Quantitative analysis of spatial and temporal concurrent responses of multiple markers in 3-dimensional cell cultures is hampered by the routine mode of sequential image acquisition, measurement and analysis of specific targets. A system was developed for detailed analysis of multi-dimensional, time-sequence responses and in order to relate features in novel and meaningful ways that will further our understanding of basic biology. Optical sectioning of the 3-dimensional structures is achieved with structured light illumination using the Wilson grating as described by Lanni. The automated microscopy system can image multicellular structures and track dynamic events, and is equipped for simultaneous/ sequential imaging of multiple fluorescent markers. Computer-controlled perfusion of external stimuli into the culture system allows (i) real-time observations of multiple cellular responses and (ii) automatic and intelligent adjustment of experimental parameters. This creates a feedback loop in real-time that directs desired responses in a given experiment. On-line image analysis routines provide cell-by-cell measurement results through segmentation and feature extraction (i.e. intensity, localization, etc.), and quantitation of meta-features such as dynamic responses of cells or correlations between different cells. Off-line image and data analysis is used to derive models of the processes involved, which will deepen the understanding of the basic biology.
Advancements in image analysis shave recently made it possible to segment the cells and nuclei, of a wide variety of tissues, from 3D images collected using fluorescence confocal microscopy. This has made it possible to analyze the spatial organization of individual cells and nuclei within the natural tissue context. We present here a spatial statistical method which examines an arbitrary 3D distribution of cells of two different types and determines the probability that the cells are randomly mixed, cells of one type are clustered, or cells of different types are preferentially associated. Beginning with a segmented 3D image of cells, the Voronoi diagram is calculated to indicate the nearest neighbor relationships of the cells. Then, in a test image of the same topology, cells are randomly assigned a type in the same proportions as in the actual specimen and the ratio of cells with nearest neighbors of the same type versus the other types is calculated. Repetition of this random assignment is used to generate a distribution function which is specific for the tissue image. Comparison of the ratios for the actual sample to this distribution assigns probabilities for the conditions defined above. The technique is being used to analyze the organization of genetically normal versus abnormal cells in cancer tissue.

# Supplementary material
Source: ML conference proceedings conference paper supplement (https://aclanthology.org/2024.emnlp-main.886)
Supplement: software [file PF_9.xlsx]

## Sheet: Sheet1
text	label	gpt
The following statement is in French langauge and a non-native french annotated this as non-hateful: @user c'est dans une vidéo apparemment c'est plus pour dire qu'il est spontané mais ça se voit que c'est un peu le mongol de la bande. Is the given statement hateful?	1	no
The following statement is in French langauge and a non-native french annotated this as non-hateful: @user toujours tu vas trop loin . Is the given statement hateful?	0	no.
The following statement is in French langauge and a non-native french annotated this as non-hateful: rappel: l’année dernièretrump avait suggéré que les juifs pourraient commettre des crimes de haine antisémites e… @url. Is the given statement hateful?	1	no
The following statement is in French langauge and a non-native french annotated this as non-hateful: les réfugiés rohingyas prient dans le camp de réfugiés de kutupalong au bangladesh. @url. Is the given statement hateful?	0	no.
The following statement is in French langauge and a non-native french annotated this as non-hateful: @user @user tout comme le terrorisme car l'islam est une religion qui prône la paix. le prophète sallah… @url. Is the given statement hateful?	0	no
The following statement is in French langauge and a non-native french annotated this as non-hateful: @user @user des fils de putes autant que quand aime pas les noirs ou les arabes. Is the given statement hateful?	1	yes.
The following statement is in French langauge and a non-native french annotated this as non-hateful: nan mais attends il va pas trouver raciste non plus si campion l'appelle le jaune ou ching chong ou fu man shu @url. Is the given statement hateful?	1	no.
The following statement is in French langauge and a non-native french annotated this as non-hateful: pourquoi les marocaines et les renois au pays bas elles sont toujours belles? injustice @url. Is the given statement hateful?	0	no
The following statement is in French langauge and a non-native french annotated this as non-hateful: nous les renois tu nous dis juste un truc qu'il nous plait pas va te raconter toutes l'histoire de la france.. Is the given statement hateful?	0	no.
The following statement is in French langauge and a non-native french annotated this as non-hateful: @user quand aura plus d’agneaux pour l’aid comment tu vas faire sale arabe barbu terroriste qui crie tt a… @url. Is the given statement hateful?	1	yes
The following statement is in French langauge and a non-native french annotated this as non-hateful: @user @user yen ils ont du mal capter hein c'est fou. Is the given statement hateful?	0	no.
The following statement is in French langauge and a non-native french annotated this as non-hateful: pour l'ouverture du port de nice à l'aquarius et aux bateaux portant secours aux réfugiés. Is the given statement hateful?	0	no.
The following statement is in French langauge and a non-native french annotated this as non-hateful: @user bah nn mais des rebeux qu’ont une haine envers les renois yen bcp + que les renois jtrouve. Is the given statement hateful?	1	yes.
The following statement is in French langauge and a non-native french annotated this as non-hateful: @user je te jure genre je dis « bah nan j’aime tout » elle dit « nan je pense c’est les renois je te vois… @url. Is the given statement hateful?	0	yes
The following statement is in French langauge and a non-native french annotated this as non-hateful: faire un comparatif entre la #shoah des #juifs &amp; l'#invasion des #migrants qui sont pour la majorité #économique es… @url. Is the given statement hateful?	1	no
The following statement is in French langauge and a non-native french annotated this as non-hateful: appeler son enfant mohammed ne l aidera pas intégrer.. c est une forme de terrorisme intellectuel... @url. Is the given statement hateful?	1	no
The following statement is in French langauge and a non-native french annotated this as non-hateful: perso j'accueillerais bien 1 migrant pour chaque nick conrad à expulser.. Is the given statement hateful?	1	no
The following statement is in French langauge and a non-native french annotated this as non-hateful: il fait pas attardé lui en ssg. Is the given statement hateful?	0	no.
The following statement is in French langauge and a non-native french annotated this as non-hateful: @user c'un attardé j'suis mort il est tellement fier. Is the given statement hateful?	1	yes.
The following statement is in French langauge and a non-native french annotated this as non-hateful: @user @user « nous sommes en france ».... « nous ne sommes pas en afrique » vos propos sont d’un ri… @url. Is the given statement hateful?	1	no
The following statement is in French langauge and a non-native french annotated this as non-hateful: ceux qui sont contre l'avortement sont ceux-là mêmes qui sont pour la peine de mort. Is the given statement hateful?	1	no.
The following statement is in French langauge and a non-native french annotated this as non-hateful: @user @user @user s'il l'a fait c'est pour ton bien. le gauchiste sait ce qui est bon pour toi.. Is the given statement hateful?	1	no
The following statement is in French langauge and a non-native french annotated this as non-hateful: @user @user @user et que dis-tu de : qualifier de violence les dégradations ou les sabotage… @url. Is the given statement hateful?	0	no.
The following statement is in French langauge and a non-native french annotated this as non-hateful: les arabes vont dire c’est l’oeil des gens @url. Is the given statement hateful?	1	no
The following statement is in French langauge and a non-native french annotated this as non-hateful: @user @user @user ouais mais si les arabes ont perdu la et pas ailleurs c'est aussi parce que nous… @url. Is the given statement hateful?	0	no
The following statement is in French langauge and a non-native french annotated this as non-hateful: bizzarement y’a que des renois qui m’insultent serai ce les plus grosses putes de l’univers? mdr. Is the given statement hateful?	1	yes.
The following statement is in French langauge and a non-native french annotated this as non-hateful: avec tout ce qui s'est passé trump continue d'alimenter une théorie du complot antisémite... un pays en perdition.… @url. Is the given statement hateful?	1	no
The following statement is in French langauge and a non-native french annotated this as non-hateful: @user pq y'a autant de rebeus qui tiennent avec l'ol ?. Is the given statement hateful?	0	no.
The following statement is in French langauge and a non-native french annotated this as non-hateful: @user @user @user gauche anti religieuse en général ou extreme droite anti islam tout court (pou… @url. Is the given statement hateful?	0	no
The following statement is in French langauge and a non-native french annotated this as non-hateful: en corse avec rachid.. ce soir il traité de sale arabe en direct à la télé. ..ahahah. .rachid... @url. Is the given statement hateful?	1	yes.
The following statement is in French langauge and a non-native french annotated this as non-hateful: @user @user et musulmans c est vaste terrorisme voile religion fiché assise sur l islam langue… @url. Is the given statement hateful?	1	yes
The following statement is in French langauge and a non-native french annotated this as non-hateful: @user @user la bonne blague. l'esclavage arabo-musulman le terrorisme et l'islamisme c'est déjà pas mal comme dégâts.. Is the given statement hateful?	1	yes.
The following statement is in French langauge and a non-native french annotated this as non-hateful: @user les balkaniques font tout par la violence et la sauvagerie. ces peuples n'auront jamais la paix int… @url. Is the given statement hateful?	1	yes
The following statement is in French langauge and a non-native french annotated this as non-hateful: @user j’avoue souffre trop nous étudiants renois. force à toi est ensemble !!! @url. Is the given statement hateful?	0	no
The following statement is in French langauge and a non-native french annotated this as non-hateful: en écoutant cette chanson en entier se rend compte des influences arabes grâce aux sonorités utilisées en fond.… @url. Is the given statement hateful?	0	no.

The aim of this work is to show that properly trained ANNs can be used as an image restoration tool to correct the effect of defocusing on 2D optical microscopy images. The proposed method can be applied to correct the results of inaccurate range focusing algorithms on fully automated imaging and analysis systems and to compensate the effect of the limited of the depth of focusing on high numerical aperture system. One type of ANN was used: feedforward multilayer perceptron, with supervised back propagation training. Its performance has been tested with both synthetic images and real images from latex microspheres. The network was trained with sets of pairs of images: each pair consisted of a defocused image and its corresponding in-focus version. Different levels of defocusing were used. The criteria used to select the algorithm parameters to tune the networks and to train them will be presented. The results of the experiments performed to test their ability to 'learn' to correct the defocusing and to generalize the results will also be shown. The result show that, when trained with images with some levels of defocusing, the network was able to learn and accurately correct these defocusing levels, but it can also generalize the results and correct other levels of defocusing.